Message: The other person may feel lost, even dead. Your word can come like water in a wasteland.
A few weeks ago I gathered a group of men to talk about spiritual leadership. The group included Hispanics and non-Spanish speakers; young, middle and few my age. (smile) I asked each to share his normal pattern of prayer. They described thanking God when waking, blessing their children before going to work, taking their wife's hand to pray formally and spontaneously, praying the rosary or thanking God in the car, asking God's help for problems, reading the Bible, prayer around the dinner table, saying a prayer before going to bed. They mentioned difficulties, uncertainties and dryness, but also miraculous answers to prayer. Like every man there, I felt blessed and encouraged.
That's something we should do more: share with others how we pray. One of the Disciple Maker items had this statement, "My parish equips me to have conversations about my faith...by helping me recognize how God is working in my life." 40% strongly agreed; 44% agreed. Remember "agree" is lukewarm. We can do better. In the top parish in the country 54% strongly agree the parish helps them recognize God at work in their lives. It's not a matter of competition. I want to help each of you recognize God at work in your life.
It's not so hard. It means to reflect on your story and connect it with Jesus. That's what happens to the "prodigal son." At the end of the parable the father says, "we must celebrate" because he "was dead and has come back to life; he was lost and has been found."
Is that not you and me? Have you never felt dead, like you wanted to crawl in hole and give up? And do we not feel something inside when we hear the words, "I once was lost and now am found." That's your story and mine.
It's also Jesus' story. A few months back we heard about Jesus being lost three days, then his parents finding him in the Temple. Those three days, of course, prefigure the three days in the tomb. We connect our story with Jesus when we admit: I was lost and now - thank God - I am found. I was dead and God brought me back. That resurrection happens on an emotional, moral and spiritual level.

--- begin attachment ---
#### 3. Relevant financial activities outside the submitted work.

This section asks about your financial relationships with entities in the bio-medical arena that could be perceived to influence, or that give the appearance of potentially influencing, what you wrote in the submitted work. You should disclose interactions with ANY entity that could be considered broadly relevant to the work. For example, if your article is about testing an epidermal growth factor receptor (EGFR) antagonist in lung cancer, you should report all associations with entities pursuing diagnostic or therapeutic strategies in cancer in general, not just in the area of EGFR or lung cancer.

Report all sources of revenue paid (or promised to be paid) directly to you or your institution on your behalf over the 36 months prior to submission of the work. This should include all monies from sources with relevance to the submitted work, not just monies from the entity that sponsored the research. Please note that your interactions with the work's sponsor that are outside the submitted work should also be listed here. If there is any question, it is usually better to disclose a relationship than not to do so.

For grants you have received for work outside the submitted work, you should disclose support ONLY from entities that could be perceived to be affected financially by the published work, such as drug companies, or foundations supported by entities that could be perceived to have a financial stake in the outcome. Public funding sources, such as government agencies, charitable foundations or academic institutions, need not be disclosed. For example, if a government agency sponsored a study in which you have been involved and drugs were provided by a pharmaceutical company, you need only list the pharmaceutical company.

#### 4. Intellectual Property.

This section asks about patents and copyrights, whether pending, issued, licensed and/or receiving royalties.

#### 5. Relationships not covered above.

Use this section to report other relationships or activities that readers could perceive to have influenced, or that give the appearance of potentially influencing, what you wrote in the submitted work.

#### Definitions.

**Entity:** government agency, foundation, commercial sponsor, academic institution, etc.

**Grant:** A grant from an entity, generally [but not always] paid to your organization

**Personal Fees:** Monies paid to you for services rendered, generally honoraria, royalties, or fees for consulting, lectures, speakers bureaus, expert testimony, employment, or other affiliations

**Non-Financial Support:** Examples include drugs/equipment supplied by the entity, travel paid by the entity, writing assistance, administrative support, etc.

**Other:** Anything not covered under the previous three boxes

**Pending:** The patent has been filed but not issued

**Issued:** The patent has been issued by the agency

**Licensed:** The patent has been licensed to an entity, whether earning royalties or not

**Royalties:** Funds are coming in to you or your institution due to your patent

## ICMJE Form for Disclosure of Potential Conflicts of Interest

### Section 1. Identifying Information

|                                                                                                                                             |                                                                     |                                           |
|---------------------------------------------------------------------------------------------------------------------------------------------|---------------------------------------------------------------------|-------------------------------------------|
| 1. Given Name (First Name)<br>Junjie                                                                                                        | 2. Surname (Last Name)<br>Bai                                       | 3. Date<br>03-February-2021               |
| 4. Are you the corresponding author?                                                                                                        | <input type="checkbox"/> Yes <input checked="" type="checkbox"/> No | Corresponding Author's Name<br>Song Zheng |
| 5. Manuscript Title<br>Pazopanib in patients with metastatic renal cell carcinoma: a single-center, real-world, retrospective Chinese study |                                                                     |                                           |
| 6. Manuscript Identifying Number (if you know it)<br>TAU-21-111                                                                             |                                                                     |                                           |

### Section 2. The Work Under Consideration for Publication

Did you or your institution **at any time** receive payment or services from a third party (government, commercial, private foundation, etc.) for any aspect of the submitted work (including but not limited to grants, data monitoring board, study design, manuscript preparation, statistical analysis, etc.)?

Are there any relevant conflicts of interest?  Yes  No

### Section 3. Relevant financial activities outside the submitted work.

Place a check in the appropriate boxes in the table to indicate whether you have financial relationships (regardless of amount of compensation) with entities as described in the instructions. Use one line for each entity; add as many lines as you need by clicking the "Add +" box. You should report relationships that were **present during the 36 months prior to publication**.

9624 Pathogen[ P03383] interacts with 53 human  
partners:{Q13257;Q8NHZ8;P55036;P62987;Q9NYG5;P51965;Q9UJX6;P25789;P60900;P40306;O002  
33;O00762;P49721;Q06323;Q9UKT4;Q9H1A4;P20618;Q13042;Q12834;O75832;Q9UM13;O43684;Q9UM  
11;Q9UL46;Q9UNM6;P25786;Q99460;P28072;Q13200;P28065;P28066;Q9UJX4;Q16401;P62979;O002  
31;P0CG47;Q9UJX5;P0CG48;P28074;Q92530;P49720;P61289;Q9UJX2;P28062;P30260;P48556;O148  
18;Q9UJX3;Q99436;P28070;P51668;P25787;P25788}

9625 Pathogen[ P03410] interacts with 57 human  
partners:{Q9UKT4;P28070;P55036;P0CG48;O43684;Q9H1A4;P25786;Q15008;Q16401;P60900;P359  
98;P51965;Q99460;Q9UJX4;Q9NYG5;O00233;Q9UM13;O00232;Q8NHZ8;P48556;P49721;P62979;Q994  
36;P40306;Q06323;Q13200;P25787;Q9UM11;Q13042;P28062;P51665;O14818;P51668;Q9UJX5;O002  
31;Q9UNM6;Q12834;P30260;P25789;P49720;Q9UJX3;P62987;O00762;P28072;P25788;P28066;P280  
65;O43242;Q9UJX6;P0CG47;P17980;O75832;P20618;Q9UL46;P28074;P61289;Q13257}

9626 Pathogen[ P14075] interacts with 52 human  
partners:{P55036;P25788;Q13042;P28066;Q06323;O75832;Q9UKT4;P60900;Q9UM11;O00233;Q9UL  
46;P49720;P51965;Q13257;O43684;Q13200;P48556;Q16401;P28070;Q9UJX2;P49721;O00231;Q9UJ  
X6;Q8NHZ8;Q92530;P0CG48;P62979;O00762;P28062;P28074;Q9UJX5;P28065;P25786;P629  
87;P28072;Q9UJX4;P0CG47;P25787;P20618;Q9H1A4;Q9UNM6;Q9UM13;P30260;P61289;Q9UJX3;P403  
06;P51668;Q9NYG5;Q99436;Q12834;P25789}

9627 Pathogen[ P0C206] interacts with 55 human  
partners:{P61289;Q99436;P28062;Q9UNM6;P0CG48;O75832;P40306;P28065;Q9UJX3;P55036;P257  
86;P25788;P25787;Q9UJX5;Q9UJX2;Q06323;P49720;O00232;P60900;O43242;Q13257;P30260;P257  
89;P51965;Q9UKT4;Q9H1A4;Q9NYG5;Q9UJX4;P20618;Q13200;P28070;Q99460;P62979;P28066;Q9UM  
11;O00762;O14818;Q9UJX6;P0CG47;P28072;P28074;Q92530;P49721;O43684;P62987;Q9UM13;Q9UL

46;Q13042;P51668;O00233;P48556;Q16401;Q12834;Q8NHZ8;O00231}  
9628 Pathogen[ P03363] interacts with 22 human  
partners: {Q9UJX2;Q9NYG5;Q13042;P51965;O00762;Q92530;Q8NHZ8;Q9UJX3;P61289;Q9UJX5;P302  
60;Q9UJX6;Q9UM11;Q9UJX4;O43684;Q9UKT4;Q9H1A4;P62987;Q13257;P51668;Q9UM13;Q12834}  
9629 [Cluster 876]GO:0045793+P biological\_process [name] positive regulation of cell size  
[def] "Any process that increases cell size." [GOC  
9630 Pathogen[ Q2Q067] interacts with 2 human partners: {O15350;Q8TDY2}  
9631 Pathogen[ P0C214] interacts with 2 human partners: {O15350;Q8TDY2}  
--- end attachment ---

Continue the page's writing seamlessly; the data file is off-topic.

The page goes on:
Even sometimes on a physical level. A young priest friend suffered years from a chronic back problem. Three times a day he took analgesics and could only sit in a certain kind of chair. At a retreat some priests prayed over him - not for physical healing, but a family relationship. When the priest stood, he realized to his amazement - God had lifted his back pain. He has not needed the pain pills for a couple of months. God sometimes acts dramatically so we know his reality and his mercy.
And for testimony. For sure, testimony at the right time and place. That's where daily prayer comes in - to ask God to open the right moment. It may involve an answer to prayer like some received during the Anointing of the sick. Or the testimony could be simple, even indirect, like mentioning you saw something interesting on the way to Mass. Those words may plant a seed or open a conversation. The other person might feel lost, even dead. Your word can come like water in a wasteland.
Next Sunday we will talk about mercy - having a heart for the suffering of others. People suffer because they do no have God. They may have a good job, a lovely home, a beautiful wife - and be lost. They do not have Jesus. You can help that person find the one relationship that matters eternally. You may feel messed up, but keep remembering, "I once was lost and now am found - dead and come back to life."
Now we will have the second scrutiny. It carries the same message in a slightly different way. This scrutiny - or exorcism prayer - is based on the man born blind, healed by Jesus. So, yes, we must celebrate and rejoice. I was lost and am found. Dead and come back to life. Blind and now I see. Amen.
From Archives (Year C homilies for Fourth Sunday of Lent):
Homilies for Year A Readings for RCIA Scrutinies:
Seapadre Homilies: Cycle A, Cycle B, Cycle C
Audio Files of Homilies (Simple Catholicism Blog)
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Fr. Brad's Homilies
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Fr. Michael White's Homilies ("messages")
Bulletin (St. Mary's Parish)
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